Alimentary, My Dear: Expect Exigencies — Putting Something By for a Rainy Day
by Tamia Nelson
July 18, 2006
It’s an old joke, and it goes something like this: Three men are shipwrecked on a desert island. One is an engineer. The second, an archaeologist. And the third is an economist. Just as their hunger pangs are becoming unbearable, however, the forlorn castaways find a restaurant-size can of corned beef among the tide wrack on the beach. It’s a little rusty, but it looks to be intact. The castaways rejoice. But their joy turns to despair almost immediately. What’s the problem? They don’t have a can opener.
The engineer is the first to react, grabbing the can and climbing to the top of a towering palm. From this lofty perch he drops his burden, hoping to smash it open. But the sand beneath the palm is soft and deep, and when his companions rush up to gather in the harvest, they discover that the can isn’t even dented. The same can’t be said for the engineer, unfortunately. In climbing down, he falls from the palm and sprains his ankle.
Now it’s the archaeologist’s turn to have a brainstorm. He grubs frantically in the scrubland surrounding an abandoned native shelter, certain that he’ll find a discarded knife or other sharp tool to use in lieu of a can opener. But after half an hour of digging, he has only the blisters on his fingers to show for his trouble.
That’s when the economist gets up from the shady spring hole where he’s been lounging while the archaeologist wore himself out scratching in the earth. The economist smiles a carefree smile and clears his throat. The engineer and the archaeologist wait for him to speak, but he doesn’t seem to be in much of a hurry. The tension grows greater by the minute.
“I have the solution,” the economist suddenly announces, breaking the silence. His tone is confident, and the engineer’s and archaeologist’s spirits immediately soar, the pain of their injuries momentarily forgotten.
Then the economist continues, choosing his words with great care: “First,” he says, “let’s assume we have a can opener. … ”
If only it were this easy to deal with a food crisis in the backcountry. But it isn’t. And the problem can’t be assumed away. No matter how carefully canoeists and kayakers plan, unanticipated delays and unforeseen setbacks aren’t exactly rare. Even good paddlers have been known to swamp or capsize, requiring extended stays in camp to repair boats and salvage gear. Nature sometimes throws a curve, too. A siege of bad weather can force a party to lay up for days at a time. (These are only a few of the reasons why leaving a “float plan” with a trusted friend or relative is a Very Good Idea.) Of course, not all delays are the result of bad luck. Fortune sometimes smiles — like the times when a campsite is simply too near perfection to abandon after only one night. Whether such exigencies are the work of Nemesis or Fortune, though, they can hit the camp cook particularly hard. There are no HyperMarts in the backcountry.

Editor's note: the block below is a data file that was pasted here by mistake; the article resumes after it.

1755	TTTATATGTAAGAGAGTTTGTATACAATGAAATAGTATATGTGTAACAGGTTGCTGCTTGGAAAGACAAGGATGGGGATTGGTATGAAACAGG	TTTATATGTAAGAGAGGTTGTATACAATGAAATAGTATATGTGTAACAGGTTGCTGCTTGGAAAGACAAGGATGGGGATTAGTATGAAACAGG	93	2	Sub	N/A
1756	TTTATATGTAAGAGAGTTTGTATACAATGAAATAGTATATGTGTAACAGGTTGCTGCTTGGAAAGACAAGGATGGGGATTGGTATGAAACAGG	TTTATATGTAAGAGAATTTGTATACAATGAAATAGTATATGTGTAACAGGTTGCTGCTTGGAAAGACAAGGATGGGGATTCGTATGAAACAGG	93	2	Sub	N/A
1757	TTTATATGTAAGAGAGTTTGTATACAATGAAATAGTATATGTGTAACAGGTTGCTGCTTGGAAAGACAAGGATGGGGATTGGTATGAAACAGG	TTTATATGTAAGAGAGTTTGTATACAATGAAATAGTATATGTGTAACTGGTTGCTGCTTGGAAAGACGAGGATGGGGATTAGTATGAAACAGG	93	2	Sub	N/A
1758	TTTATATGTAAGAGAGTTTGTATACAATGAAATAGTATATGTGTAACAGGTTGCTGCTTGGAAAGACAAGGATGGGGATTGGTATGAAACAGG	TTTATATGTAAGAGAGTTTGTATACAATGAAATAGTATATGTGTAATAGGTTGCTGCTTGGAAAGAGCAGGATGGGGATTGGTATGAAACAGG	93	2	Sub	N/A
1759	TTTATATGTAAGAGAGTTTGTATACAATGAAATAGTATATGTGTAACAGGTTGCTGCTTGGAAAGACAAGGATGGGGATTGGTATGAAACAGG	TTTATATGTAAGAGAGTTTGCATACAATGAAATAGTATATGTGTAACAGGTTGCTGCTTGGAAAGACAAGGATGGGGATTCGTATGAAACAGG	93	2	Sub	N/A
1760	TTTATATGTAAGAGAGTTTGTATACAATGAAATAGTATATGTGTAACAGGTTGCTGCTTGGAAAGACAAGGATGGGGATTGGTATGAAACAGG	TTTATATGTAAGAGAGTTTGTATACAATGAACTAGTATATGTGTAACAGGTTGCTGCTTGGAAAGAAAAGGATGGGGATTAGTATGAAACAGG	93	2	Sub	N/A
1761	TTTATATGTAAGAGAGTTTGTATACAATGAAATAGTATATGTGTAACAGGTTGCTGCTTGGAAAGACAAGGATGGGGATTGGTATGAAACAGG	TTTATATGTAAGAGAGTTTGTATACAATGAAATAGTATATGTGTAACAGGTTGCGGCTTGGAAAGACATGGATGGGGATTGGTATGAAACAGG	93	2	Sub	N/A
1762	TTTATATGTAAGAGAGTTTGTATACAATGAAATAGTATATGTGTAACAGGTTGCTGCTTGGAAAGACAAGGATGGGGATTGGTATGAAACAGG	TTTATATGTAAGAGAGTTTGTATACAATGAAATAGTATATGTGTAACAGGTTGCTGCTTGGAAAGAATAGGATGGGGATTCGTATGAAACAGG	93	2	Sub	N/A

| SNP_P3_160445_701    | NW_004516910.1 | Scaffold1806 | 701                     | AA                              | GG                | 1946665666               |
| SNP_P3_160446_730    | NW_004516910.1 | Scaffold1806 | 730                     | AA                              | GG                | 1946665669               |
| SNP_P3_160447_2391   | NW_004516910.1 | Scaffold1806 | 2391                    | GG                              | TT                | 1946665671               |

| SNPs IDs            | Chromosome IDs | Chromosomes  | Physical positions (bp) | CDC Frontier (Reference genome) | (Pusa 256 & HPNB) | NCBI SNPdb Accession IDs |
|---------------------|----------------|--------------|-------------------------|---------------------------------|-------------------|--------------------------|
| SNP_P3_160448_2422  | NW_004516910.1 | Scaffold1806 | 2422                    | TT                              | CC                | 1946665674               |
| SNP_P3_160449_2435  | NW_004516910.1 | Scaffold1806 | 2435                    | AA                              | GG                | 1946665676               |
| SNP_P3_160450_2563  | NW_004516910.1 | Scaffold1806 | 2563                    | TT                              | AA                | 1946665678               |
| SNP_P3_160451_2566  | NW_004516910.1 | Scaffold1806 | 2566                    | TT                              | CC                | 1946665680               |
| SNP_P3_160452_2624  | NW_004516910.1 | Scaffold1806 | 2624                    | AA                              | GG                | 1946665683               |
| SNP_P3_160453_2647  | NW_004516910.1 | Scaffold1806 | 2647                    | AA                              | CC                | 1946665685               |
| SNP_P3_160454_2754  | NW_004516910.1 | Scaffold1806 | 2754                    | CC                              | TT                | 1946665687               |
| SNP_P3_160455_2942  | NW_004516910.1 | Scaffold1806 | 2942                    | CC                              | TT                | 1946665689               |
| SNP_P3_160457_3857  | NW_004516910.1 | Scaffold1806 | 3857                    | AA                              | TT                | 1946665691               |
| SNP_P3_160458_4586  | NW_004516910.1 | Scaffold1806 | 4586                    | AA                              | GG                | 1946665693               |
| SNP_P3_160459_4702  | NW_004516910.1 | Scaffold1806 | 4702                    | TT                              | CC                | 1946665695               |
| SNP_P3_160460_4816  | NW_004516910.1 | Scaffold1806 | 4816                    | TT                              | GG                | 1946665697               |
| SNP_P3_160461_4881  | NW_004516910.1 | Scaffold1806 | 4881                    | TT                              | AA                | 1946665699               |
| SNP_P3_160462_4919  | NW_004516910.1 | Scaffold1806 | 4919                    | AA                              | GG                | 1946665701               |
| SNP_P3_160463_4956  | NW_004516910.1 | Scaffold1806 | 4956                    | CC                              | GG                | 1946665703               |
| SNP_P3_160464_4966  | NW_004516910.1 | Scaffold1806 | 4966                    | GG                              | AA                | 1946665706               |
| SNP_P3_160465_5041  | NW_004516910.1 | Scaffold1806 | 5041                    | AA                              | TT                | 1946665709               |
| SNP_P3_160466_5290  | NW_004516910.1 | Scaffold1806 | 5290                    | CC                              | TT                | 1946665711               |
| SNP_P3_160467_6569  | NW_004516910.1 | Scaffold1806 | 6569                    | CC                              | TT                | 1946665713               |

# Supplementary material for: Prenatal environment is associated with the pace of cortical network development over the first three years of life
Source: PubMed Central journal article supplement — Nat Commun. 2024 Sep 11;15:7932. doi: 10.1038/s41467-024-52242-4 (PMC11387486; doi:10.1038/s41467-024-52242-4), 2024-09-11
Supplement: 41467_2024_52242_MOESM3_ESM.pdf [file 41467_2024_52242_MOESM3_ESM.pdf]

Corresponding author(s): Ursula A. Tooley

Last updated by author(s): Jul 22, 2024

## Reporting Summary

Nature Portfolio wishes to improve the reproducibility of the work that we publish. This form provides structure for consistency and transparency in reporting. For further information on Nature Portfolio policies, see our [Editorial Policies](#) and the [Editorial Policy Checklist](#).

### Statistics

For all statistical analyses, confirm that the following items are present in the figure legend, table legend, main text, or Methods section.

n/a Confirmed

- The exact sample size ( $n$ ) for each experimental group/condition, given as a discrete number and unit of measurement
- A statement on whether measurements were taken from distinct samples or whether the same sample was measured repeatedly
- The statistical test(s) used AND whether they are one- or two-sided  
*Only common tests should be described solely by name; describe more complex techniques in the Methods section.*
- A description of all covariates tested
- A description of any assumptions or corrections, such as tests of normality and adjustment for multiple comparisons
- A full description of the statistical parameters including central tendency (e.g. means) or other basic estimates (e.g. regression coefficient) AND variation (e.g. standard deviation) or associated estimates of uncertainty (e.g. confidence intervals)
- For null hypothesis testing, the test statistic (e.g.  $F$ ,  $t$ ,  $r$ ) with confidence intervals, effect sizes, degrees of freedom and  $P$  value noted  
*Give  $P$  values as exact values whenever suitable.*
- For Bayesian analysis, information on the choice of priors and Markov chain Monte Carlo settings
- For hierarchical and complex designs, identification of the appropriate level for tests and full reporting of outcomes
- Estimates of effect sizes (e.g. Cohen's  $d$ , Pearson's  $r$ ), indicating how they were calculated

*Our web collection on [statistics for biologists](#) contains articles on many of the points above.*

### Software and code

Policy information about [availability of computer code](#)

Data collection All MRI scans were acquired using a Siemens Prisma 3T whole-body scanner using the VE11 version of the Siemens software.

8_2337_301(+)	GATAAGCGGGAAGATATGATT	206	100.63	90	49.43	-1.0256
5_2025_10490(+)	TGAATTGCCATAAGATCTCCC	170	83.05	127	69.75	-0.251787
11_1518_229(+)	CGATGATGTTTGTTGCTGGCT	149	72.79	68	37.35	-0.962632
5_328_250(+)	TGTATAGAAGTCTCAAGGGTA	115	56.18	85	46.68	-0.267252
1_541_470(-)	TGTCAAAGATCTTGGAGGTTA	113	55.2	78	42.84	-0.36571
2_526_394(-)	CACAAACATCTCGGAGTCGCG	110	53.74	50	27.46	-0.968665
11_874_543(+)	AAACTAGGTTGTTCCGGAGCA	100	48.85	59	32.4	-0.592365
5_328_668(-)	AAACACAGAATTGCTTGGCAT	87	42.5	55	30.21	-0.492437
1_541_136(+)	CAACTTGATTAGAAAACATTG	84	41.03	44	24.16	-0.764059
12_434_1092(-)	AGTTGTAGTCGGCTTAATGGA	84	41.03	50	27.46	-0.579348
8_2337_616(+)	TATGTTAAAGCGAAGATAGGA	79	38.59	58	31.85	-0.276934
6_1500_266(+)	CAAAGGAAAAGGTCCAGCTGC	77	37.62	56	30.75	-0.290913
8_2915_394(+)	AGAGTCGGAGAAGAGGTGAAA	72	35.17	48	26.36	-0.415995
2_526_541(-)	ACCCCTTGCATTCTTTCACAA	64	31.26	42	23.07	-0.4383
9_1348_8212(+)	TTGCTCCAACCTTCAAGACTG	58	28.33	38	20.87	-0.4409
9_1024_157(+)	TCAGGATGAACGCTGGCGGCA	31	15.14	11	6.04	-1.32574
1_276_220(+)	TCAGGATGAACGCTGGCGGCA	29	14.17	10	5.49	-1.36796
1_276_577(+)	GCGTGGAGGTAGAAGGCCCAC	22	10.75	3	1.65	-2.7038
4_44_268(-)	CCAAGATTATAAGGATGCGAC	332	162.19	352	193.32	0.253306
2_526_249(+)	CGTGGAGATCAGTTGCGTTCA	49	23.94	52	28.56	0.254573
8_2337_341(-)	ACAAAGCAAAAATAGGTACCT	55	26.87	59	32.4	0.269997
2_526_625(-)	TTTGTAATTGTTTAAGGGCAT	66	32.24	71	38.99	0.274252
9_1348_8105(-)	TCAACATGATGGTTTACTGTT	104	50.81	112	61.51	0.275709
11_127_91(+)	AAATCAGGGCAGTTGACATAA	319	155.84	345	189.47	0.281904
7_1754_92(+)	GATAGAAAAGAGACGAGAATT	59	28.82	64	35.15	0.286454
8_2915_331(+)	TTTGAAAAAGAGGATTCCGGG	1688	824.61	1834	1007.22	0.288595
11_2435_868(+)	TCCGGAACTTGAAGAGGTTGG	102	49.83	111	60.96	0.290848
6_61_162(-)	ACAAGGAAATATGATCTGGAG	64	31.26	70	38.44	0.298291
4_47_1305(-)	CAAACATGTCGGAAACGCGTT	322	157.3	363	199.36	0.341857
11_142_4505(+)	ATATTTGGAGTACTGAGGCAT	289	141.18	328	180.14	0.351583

And hold-ups aren’t the cook’s only problem. A torrential downpour in the night can breach all but the best waterproofing, turning the food in one or more packs into a sodden, unappetizing mass. Uninvited guests can also take their toll, as can spoilage. The result? Short rations at best. Missed meals at worst. Luckily, there’s a simple way to avoid either eventuality. Just …
Give Yourself Some Slack
There’s a lot to be said for going light, but whatever you do, don’t skimp on food. If the prospect of an extended stay in a gale-whipped camp without your copy of the Oxford Book of English Verse seems unendurable, imagine how much worse you’d feel if you didn’t have three meals a day to look forward to. Thinking about living off the land? Think again. Not only is foraging for food often illegal, but it’s usually mighty hard work into the bargain. And the reward for your labor can be pretty skimpy — hunters and gatherers can’t always count on eating regular meals. Moreover, we paddlers are guests in the backcountry, and it’s bad manners for guests to snatch food from their hosts’ mouths. After all, the wildlife who live where we play can’t run down to the corner store when we empty their pantry, can they?